“The phone rings nonstop, from the time I hit the door until the time I leave. I can honestly say you have to have a heart for people to do this job because we get calls about death, about life, a lot of different topics. It’s a very versatile position. A lot of times it almost feels like therapy because you have to really listen to people’s stories and hear what they have to say and then conclude where you have to get them to where they need to be.”

“I can say what I love about my job is being able to help people. Even though we are in the background, we play such a major role. You even get to develop a relationship from callers on the outside because they become familiar with your voice and your customer service. I’ve had situations where someone will ask to speak to Mark because I’ve spoken with them before. I love to establish that relationship with callers, whether they are calling from the inside or outside and whether it’s a patient, doctor or nurse, anyone.”

Meet Davida Young, team lead cook at the St. Joseph’s Hospital cafeteria. Davida prepares food for both cafeteria guests and patients. You’ll occasionally see her at a catering event helping out as well. Davida has worked for the Health System for 15 years.

“When I started working here, I said I was just going to be here a little while, but I love to cook. I love what I do. I love the people here. It was supposed to be just part time for two or three years, but look at me now. I’ve been here 15 years, going on 16, and I love what I do. I love my coworkers I work with. It’s a great place to work.”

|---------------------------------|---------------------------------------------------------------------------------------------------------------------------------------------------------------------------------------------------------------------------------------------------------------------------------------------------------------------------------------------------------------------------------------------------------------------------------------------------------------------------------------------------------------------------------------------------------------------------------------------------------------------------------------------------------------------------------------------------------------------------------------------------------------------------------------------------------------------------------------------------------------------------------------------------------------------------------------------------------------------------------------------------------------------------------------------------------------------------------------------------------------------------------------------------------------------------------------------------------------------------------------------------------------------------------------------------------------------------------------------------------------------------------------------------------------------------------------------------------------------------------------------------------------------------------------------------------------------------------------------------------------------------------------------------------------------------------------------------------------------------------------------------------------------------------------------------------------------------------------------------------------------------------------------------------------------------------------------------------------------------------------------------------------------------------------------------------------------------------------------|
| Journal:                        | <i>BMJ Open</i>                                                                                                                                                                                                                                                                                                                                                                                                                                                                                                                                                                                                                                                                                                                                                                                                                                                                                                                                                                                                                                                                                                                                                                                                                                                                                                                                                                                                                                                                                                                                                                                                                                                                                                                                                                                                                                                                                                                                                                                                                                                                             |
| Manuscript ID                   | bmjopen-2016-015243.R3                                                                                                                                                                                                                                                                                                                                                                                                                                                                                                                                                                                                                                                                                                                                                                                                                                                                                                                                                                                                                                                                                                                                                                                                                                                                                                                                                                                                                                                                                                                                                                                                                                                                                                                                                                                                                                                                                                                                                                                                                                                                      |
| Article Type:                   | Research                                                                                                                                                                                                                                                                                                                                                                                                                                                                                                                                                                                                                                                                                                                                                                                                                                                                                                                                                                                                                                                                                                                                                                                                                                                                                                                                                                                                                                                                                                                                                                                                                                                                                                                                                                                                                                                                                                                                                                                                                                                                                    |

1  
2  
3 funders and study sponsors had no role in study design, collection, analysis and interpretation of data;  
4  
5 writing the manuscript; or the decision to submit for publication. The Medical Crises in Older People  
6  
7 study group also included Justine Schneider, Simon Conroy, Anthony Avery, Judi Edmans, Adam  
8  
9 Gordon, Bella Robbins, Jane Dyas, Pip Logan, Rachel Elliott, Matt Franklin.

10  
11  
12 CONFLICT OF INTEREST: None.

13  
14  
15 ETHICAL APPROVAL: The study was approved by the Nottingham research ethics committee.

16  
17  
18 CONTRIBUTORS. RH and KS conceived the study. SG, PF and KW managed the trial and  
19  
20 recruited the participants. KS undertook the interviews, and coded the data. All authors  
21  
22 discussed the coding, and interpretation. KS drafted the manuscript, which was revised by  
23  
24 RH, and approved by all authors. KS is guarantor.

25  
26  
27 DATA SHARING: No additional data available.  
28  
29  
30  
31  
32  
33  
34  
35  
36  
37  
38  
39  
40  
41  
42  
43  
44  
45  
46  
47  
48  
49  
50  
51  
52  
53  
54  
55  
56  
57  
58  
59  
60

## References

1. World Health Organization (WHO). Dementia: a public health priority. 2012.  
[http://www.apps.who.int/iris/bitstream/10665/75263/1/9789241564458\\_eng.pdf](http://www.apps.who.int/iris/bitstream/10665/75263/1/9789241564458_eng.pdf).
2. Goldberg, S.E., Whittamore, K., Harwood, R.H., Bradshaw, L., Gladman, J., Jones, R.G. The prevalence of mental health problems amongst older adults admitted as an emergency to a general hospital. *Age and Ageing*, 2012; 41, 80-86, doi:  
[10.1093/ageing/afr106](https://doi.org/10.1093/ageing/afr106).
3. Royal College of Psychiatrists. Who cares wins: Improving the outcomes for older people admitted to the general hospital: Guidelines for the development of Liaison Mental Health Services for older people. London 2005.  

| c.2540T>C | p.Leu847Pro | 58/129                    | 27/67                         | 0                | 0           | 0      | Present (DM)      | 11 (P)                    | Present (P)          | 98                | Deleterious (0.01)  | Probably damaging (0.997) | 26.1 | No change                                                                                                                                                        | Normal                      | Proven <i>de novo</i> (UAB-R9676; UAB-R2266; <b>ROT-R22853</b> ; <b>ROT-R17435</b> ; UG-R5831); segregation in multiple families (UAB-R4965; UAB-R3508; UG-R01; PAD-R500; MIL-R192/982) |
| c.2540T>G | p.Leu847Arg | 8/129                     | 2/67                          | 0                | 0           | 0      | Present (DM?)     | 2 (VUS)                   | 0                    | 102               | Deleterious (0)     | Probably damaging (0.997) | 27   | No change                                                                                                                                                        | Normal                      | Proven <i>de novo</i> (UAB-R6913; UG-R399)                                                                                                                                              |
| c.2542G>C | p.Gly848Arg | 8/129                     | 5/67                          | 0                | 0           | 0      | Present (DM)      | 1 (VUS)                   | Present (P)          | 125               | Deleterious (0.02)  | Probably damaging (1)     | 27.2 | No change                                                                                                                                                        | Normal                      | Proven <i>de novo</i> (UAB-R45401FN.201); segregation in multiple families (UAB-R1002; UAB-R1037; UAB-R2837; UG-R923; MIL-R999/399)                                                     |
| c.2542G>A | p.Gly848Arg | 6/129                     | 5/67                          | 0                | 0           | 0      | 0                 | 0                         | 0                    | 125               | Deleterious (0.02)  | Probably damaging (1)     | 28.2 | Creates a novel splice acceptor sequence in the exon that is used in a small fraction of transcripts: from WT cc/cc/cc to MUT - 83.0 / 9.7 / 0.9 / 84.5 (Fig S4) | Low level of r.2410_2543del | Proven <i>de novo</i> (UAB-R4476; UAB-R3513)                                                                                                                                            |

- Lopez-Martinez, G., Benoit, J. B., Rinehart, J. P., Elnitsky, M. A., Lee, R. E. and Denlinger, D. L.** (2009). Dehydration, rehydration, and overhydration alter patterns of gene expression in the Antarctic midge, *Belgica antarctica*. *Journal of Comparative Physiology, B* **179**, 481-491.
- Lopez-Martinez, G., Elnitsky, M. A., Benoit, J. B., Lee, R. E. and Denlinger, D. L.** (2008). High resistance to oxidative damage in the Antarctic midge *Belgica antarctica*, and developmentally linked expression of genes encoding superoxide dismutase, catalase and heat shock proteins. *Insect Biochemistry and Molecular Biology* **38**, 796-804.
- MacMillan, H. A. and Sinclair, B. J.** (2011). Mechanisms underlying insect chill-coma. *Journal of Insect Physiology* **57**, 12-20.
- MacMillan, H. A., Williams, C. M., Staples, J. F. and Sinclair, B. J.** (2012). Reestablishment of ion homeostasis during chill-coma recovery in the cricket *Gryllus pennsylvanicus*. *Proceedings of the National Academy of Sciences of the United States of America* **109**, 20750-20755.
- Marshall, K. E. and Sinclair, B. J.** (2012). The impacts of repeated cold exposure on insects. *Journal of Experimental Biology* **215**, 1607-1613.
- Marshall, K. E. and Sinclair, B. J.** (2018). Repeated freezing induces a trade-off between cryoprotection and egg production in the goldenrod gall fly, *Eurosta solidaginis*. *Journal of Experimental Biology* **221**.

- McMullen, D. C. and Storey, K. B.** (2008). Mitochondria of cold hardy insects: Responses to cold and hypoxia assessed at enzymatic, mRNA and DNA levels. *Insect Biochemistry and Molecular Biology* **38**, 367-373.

Meet Margaret Wallace, a patient care technician at St. Joseph’s Hospital. She’s worked for the Health System for 34 years. As a PCT, Margaret helps with EKGs, blood draws, blood pressure monitoring and other patient care needs – both physically and emotionally.  

“I love my job. Some people look at PCT as just a PCT, but PCT is really a rewarding position because going into that patient’s room every day my goal is to bring a smile to that patient’s face. A lot of times they don’t see family; sometimes we are the only family that they see. We get a chance to cry with them, laugh with them. It takes a lot of compassion and love. You are dealing with all kinds of patients. But the goal is the same – to provide their needs, to be there for them, to support them and to show them love. It’s very rewarding. I love it. I’ve been doing this for years so you know I got to love it.”